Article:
In robotics, there is a concept called “biomimetics,” which is basically about stealing Mother Nature’s best ideas without giving her so much as a cut of the profits — but her designs are some of the best out there. It’s been one of the hottest areas in robot design for years,] because engineers have realized that evolved forms evolved for a reason: they’re very well suited to navigating and manipulating our world.

But “our world” is a concept that has changed dramatically over the past several millennia, and in the environments humans actually inhabit today, traditional biological forms might not be the best to navigate this modern world.

So while, biologically-inspired robots are coming, first we’ll likely see a flood of utilitarian robots that look less like biology, and more like the machines they truly are.

Case in point: Boston Dynamics recently unveiled its latest creation, Handle, which looks like a half-unfolded Transformer.

The robot was designed from the ground-up to pick up and move simple objects — and though it navigates a space made for humans, its efficiency at this specific task is much better than the human-inspired ATLAS robot that preceded it.

Historically, engineers have been fairly amazed at the efficiency of biological designs — they’d start off trying to make things move like animals largely for the heck of it, and end up publishing stories about how incredibly good it is at movement. There are whole academic departments dedicated to it.

But a cheetah’s gait was not designed to function while holding a 100-pound box out to the side. It is also not designed to descend stairs or open doors — they’re not raptors!

With such specialized tasks in the pipe for helper bots, the emphasis is now on making ones with a profit potential. For a delivery drone, it would be far more efficient to mimic the design of a hawk, per foot traveled — but hawks have trouble hovering over a customer’s driveway, and so quadcopters have prevailed. The jobs that actually require the human form might turn out to be few and far between — robot prostitution comes to mind, along with robot therapy.

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A similar sort of pragmatism is starting to take hold in robotics, as seen in Handle, which throws out the most recognizable aspect of a Boston Dynamics joint: legs.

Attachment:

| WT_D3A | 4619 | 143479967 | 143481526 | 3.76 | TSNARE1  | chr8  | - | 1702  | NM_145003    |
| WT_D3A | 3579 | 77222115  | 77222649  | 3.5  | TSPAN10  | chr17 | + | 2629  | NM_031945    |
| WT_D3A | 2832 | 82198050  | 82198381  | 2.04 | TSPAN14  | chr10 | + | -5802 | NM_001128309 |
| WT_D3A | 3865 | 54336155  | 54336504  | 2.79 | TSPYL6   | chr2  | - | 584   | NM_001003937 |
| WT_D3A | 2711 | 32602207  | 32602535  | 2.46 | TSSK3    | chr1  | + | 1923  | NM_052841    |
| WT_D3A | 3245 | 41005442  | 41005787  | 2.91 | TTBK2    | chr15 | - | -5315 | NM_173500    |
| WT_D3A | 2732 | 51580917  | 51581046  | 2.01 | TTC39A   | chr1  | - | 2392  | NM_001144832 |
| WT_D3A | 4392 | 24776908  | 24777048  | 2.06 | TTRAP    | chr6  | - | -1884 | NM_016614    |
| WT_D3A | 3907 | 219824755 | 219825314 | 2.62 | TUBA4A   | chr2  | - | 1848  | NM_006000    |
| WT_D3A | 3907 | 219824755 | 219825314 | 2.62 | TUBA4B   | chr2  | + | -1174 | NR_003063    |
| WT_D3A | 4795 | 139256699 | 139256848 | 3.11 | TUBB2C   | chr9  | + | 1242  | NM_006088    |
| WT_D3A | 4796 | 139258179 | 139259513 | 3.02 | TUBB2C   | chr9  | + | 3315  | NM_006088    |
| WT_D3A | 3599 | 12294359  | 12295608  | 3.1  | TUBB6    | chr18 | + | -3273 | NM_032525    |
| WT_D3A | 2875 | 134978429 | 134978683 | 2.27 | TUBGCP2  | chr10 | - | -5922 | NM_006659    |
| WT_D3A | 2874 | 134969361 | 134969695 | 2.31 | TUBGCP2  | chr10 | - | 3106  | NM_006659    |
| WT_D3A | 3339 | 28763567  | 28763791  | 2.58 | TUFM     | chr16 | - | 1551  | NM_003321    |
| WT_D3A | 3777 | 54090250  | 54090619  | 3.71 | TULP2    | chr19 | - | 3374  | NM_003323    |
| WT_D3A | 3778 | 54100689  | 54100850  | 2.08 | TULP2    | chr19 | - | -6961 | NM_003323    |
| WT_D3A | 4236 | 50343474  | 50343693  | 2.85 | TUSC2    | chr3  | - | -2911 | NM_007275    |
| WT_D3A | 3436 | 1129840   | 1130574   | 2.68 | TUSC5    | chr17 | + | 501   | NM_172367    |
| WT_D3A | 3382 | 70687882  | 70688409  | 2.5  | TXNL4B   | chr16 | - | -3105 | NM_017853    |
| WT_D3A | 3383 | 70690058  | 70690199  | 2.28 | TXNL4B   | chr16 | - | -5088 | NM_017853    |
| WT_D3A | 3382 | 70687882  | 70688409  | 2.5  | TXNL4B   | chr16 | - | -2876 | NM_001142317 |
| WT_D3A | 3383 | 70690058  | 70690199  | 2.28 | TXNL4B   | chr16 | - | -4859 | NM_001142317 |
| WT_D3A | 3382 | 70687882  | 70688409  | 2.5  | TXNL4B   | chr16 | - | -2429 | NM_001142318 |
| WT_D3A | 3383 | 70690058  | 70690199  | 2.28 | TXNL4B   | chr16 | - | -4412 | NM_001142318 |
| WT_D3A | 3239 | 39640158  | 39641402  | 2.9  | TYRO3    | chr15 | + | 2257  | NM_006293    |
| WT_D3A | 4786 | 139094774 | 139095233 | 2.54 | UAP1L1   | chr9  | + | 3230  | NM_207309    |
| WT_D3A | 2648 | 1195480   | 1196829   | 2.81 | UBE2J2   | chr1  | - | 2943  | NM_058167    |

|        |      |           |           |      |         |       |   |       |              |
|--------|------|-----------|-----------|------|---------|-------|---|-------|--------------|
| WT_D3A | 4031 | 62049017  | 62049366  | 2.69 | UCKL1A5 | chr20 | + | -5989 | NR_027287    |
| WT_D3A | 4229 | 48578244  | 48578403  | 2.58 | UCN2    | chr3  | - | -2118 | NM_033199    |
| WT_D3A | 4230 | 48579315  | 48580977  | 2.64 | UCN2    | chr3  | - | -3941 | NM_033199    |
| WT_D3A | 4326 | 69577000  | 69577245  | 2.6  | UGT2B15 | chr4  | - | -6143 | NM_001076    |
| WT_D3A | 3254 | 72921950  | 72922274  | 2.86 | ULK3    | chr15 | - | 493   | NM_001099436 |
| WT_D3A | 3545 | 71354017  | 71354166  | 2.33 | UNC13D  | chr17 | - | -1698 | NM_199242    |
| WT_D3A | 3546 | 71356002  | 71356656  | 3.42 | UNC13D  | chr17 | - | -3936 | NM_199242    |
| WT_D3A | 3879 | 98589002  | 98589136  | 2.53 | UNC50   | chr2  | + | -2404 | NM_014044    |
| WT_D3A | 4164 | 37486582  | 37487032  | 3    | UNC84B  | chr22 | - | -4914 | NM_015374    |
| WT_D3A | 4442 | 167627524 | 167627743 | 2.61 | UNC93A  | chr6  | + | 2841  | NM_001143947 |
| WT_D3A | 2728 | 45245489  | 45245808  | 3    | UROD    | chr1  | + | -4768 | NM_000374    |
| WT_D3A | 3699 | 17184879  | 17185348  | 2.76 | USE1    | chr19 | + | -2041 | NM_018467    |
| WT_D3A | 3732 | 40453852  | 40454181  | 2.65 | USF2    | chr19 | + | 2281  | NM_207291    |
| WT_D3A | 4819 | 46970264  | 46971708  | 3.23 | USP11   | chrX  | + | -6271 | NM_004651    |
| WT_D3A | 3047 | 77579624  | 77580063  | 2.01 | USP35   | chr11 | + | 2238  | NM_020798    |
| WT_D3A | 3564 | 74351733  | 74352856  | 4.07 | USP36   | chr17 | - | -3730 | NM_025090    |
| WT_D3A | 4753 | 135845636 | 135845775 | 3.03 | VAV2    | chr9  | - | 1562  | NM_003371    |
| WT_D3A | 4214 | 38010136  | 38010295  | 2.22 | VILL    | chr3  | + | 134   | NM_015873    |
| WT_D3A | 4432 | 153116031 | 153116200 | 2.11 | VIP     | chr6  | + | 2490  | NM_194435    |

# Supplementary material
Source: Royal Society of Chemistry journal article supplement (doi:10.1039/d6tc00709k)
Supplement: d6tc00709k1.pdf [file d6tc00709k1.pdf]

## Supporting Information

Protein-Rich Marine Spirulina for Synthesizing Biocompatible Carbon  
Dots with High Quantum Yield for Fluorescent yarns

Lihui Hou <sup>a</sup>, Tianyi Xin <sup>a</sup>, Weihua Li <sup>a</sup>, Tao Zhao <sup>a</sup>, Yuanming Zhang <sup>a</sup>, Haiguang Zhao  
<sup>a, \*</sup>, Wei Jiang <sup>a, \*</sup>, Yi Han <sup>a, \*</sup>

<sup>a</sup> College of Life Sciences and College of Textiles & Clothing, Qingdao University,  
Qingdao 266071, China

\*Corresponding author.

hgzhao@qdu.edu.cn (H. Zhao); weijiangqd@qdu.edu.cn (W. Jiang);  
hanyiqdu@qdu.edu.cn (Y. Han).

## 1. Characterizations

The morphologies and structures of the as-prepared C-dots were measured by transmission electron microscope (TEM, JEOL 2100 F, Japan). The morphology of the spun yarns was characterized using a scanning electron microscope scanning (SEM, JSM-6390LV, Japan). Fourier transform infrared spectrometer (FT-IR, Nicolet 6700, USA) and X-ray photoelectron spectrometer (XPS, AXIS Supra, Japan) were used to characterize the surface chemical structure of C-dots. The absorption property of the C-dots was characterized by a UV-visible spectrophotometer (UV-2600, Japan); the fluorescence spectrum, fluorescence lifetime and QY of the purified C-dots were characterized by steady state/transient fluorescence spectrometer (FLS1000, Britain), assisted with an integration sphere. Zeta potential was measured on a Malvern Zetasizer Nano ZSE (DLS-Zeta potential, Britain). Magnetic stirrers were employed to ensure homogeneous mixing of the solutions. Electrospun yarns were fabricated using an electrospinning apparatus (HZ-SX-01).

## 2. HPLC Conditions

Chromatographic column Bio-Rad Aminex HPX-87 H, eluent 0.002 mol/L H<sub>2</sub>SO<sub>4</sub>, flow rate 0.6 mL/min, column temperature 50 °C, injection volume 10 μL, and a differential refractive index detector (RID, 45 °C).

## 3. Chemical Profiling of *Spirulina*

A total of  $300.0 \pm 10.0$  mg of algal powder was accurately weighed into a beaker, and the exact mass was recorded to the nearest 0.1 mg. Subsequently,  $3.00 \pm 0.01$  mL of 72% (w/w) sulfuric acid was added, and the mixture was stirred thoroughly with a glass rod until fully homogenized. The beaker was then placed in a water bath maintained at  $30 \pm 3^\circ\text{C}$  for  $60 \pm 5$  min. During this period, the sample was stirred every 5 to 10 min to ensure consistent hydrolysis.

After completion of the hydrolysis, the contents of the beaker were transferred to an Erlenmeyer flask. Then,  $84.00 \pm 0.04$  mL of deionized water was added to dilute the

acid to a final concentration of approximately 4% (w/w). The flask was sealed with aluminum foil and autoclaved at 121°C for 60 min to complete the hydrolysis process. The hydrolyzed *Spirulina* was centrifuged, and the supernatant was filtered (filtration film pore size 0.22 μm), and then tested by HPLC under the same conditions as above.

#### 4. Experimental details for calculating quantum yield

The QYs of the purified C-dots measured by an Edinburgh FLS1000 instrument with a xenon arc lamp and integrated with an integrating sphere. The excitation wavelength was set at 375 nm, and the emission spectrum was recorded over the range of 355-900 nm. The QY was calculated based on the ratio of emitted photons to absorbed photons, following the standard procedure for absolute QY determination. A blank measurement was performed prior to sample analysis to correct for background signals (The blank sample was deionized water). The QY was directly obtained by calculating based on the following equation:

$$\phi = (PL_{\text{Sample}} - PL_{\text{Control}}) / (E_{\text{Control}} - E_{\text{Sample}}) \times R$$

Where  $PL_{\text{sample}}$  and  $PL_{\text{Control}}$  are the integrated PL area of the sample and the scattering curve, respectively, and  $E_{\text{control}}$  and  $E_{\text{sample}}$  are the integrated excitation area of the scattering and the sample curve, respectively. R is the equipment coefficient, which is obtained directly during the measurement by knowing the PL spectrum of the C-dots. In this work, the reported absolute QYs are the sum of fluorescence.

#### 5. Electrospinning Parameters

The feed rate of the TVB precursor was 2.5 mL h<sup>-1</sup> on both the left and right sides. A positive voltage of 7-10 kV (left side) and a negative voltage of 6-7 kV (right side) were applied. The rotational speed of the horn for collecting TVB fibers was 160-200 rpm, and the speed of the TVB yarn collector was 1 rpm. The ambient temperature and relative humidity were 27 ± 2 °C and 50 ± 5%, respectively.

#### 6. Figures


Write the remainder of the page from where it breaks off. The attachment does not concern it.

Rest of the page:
Without them, Handle can’t hope to traverse the sheer variety of environments that ATLAS might tackle one day down the line. On the other hand, in exchange for that sacrifice, it gets to be far more efficient at rolling across a flat, open space, eliminating up-and-down shaking that would knock most loads out of a set of humanoid graspers in short order.

The Arcadia robotic spider is made out of recycled military and industrial machinery and is over 15 meters tall.
The Arcadia robotic spider is made out of recycled military and industrial machinery and is over 15 meters tall.

That said, Handle is still somewhat humanoid — it has dual arms placed at roughly arm height, and it throws its weight around in a distinctly hippy sort of way. The idea, though, is that these features were picked purely because they worked, not because they resembled human design.

It will take a long time for robotics to reach the point that a generally human-looking robot has generally human-level abilities and dexterity, but robotics as a business can’t survive on viral YouTube videos that entire time. These less-biological forms will be needed to more directly address more utilitarian problems in the meantime — think along the lines of the Roomba, but pitched to business rather than consumers.

These are the robots that really have the potential to phase out huge portions of the human workforce. They’ll end up in warehouses, of course, but also in the street, on the tarmac, in the sewer, and at the office. Much to the dismay of dogs everywhere, the home will come soon after.

Whether you find human forms creepy or comforting, get ready for machines to finally look like machines again.

Photos via Getty Images / Paul Kane